The process is easiest for Type 1 files; click the “Load …” button, and choose the file you want to create a KMZ overlay for. The program will automatically process the file, and take you directly to Step 3.

For Type 2 files, you will need to select the JPG file created by USAPhotomaps, normally placed into that program’s main directory. You will also need to specify the UTM zone for that map; you can get this information from USAPhotoMaps directly by choosing View => LatLon => UTM from the menu when viewing the maps you want to use; the UTM zone will be listed at the top. Alternatively, try one of the links under the UTM/EPSG Info menu. G-Raster will highlight the input section in red to remind you that it needs that data:


The process is similar for Type 3 files, except that you’ll have more choices for types of graphics (JPG, TIFF, BMG, GIF), and in addition to the UTM zone you’ll need to make sure the correct datum and hemisphere is chosen.

The process for Type 4 files is like that for Type 3 files, except that you will need to enter the EPSG code for the data in question.

Step 2: Process the raster graphic

After you enter the required data for files of Type 2-4, the button marked “Process Raster Graphic” will be enabled. Click on this button to start the process of converting the map graphic into the correct format. When it’s complete, a message will show up in green directly below this step, and the “Create KMZ File” button will be enabled. You can now go to Step 3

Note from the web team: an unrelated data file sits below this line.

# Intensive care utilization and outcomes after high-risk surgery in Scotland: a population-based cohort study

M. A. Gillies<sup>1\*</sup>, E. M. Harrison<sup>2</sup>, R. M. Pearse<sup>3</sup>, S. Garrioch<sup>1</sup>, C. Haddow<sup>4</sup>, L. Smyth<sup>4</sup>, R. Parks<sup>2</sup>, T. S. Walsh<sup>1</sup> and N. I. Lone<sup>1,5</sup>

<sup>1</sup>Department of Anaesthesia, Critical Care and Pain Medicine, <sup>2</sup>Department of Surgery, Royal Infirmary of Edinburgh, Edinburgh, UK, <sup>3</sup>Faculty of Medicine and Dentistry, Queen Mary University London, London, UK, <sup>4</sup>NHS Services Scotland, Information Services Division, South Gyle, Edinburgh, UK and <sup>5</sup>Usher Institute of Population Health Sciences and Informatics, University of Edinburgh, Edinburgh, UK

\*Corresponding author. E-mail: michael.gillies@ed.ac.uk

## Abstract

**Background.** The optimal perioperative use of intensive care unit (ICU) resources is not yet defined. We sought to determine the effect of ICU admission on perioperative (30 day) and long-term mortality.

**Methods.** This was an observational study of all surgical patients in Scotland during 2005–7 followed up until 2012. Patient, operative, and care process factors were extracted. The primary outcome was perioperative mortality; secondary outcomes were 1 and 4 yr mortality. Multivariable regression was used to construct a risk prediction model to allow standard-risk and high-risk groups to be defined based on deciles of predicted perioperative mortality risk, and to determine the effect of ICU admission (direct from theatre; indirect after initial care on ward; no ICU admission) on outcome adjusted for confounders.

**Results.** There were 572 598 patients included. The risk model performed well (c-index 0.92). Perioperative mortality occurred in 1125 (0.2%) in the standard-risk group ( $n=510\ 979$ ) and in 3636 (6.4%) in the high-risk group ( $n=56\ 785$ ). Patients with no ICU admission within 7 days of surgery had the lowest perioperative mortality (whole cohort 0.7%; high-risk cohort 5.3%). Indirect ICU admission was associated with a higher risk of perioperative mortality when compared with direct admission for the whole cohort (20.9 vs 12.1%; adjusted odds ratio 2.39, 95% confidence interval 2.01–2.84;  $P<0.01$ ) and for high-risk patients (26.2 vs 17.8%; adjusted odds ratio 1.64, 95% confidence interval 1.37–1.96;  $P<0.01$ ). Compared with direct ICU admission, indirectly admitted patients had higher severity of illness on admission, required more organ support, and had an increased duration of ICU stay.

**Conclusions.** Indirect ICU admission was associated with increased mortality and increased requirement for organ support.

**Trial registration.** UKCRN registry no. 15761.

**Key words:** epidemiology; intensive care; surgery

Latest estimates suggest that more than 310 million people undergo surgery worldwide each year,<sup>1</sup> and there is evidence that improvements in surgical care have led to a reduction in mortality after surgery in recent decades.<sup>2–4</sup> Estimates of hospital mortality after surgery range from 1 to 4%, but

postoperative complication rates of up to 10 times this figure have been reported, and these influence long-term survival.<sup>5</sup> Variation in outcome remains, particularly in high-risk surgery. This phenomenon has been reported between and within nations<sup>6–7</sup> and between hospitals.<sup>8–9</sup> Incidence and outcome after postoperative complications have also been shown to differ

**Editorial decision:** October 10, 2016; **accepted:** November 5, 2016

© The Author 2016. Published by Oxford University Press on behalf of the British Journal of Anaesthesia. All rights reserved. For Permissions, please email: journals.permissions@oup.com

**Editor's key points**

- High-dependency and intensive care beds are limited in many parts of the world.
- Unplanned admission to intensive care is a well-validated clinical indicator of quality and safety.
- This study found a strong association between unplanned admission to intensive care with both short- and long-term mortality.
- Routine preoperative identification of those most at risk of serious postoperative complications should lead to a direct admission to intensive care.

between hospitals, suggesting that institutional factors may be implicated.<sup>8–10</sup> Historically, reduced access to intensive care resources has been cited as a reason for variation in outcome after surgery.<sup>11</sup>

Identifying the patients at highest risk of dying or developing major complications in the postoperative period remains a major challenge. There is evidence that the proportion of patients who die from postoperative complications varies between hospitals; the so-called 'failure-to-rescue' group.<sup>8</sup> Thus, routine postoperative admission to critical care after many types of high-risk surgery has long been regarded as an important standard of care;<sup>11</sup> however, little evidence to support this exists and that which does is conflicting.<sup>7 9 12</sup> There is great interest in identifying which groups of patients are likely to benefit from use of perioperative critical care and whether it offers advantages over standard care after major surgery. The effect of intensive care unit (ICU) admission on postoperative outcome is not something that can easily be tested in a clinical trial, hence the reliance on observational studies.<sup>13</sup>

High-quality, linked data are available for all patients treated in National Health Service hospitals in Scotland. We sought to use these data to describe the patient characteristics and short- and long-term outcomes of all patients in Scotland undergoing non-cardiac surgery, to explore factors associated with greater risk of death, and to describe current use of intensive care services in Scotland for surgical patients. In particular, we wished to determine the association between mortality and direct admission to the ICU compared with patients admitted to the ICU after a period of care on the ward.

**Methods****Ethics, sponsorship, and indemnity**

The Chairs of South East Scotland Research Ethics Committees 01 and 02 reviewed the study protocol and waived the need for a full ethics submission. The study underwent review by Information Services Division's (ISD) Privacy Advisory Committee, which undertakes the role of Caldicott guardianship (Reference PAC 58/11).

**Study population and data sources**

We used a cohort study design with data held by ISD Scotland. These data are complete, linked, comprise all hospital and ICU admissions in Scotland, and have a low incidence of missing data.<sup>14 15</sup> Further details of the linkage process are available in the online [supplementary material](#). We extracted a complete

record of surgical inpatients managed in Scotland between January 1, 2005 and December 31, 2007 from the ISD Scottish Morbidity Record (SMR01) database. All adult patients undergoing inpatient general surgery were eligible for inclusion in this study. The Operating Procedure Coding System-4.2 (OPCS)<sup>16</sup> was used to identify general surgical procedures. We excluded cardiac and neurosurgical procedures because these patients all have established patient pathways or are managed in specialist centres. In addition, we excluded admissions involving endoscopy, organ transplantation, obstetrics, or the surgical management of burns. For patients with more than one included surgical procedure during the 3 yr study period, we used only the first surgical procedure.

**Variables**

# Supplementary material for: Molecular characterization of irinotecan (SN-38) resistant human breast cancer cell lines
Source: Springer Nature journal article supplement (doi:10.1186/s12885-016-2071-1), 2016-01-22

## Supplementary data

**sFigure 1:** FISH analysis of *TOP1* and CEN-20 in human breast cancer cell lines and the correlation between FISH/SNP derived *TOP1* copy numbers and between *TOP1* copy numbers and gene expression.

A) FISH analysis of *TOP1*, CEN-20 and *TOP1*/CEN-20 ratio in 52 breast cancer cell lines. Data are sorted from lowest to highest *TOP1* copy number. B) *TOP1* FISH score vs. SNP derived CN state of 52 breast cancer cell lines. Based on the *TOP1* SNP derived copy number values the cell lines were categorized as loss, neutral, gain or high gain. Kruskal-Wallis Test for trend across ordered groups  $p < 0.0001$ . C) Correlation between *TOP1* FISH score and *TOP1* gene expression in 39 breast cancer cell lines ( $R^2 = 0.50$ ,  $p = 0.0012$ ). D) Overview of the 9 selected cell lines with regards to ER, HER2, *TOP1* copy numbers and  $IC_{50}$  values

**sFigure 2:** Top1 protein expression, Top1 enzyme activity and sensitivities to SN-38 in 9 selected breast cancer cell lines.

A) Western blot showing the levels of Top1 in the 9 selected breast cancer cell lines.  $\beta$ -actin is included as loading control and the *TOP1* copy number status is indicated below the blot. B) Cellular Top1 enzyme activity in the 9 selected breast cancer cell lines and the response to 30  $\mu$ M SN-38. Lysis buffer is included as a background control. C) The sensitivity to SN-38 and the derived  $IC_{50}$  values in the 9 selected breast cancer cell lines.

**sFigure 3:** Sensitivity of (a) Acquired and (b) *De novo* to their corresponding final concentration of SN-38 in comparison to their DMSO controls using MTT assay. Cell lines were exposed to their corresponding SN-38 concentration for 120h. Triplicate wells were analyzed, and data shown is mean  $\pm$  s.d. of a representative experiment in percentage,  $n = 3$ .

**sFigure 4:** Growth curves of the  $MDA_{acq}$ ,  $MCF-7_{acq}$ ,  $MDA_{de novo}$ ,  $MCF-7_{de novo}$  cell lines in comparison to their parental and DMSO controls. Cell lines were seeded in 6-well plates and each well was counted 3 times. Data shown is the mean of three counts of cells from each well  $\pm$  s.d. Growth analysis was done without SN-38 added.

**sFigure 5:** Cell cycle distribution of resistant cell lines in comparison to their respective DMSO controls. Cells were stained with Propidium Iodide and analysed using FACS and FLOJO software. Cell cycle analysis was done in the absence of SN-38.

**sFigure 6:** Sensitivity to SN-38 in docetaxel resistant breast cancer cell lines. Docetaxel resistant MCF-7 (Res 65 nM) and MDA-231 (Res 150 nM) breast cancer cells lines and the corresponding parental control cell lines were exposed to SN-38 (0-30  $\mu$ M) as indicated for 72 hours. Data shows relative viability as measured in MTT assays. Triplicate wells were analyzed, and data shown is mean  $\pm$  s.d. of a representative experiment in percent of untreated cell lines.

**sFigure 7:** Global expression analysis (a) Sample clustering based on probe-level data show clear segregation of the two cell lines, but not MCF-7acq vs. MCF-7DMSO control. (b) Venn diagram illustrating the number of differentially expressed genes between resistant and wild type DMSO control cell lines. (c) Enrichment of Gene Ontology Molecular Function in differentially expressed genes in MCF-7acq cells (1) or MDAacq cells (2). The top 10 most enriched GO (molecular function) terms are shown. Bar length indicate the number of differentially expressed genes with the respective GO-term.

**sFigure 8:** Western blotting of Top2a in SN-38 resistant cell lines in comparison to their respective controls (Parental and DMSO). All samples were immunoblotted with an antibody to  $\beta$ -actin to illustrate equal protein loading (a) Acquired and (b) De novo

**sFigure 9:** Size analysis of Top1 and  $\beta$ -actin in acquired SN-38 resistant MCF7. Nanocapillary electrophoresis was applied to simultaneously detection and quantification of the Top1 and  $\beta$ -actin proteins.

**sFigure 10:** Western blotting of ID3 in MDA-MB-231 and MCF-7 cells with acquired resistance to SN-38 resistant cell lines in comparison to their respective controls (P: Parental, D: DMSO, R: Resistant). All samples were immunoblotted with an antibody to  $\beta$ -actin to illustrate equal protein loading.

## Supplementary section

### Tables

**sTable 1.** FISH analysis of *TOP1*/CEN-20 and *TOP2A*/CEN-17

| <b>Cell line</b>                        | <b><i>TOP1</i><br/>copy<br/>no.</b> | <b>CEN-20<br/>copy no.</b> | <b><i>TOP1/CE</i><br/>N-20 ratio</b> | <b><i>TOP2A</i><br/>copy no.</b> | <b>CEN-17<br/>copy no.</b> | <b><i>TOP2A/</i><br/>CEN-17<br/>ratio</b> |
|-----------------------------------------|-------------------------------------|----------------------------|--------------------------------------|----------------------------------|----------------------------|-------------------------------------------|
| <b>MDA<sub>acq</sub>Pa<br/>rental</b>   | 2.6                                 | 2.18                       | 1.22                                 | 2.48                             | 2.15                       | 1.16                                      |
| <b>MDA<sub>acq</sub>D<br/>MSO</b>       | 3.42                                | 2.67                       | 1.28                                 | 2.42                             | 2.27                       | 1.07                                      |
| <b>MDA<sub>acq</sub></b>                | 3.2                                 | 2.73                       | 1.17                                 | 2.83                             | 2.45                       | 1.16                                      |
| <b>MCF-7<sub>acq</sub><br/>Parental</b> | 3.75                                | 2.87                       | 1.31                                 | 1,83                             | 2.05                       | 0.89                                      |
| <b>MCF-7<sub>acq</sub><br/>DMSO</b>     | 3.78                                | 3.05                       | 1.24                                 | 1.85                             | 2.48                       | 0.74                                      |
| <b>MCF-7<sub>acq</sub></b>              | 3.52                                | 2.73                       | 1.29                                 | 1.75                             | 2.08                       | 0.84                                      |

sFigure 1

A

Possible problems:

– If the file is larger than 100 million pixels, it will be impossible for the program to process it as is; you’ll have the option of cropping the outer edges of the picture to bring it down to an acceptable size, but this will eliminate the map image data at the edges.

– In rare cases, an image close to but just below the maximum pixel count may not be able to be chopped up into 100 tiles or less. Future versions of the program will offer you the chance to resize the image slightly to fix this problem, but for now, you’ll have to crop or resize the image yourself.

Step 3: Set Parameters For KMZ Files

You’re almost ready to create the KMZ overlay file, but there are several options you might want to change:

KMZ Filename: The final output file will be saved using the name specified here in the same directory as the graphic file used to create it. Default is “Overlay_name”, and I’m assuming you’ll want to change this. If you choose a name that corresponds to a file that already exists, you’ll get an error message when you try to create the file.

JPG Quality: The output imagery is required by Garmin to be in JPG format. You can adjust the quality of the image from highest (100) to lowest (50 here) to reduce the total filesize, which may improve speed. Garmin’s recommended JPG quality number is 80, but you can experiment with lower/higher numbers to see which works better for you. One possible complication: the maximum image filesize is 3 MB, and in very rare circumstances choosing a high quality (98-100) might result in a tile that’s too large. Wouldn’t worry about it, but it’s something to keep in mind.

DrawOrder: Garmin offers two options for viewing the raster imagery. With On Top, the raster image displays above everything else, including any loaded vector maps. With Below Vector, the raster map still sits on top of some vector imagery (like lakes and parks), but can have other vector data on top of it (like roads and contour lines).

50% Transparency In Google Earth: Makes the overlay partially transparent in Google Earth, to help with determining whether it’s lined up correctly with underlying imagery. Has no effect on the map’s appearance in the Garmin unit’s display.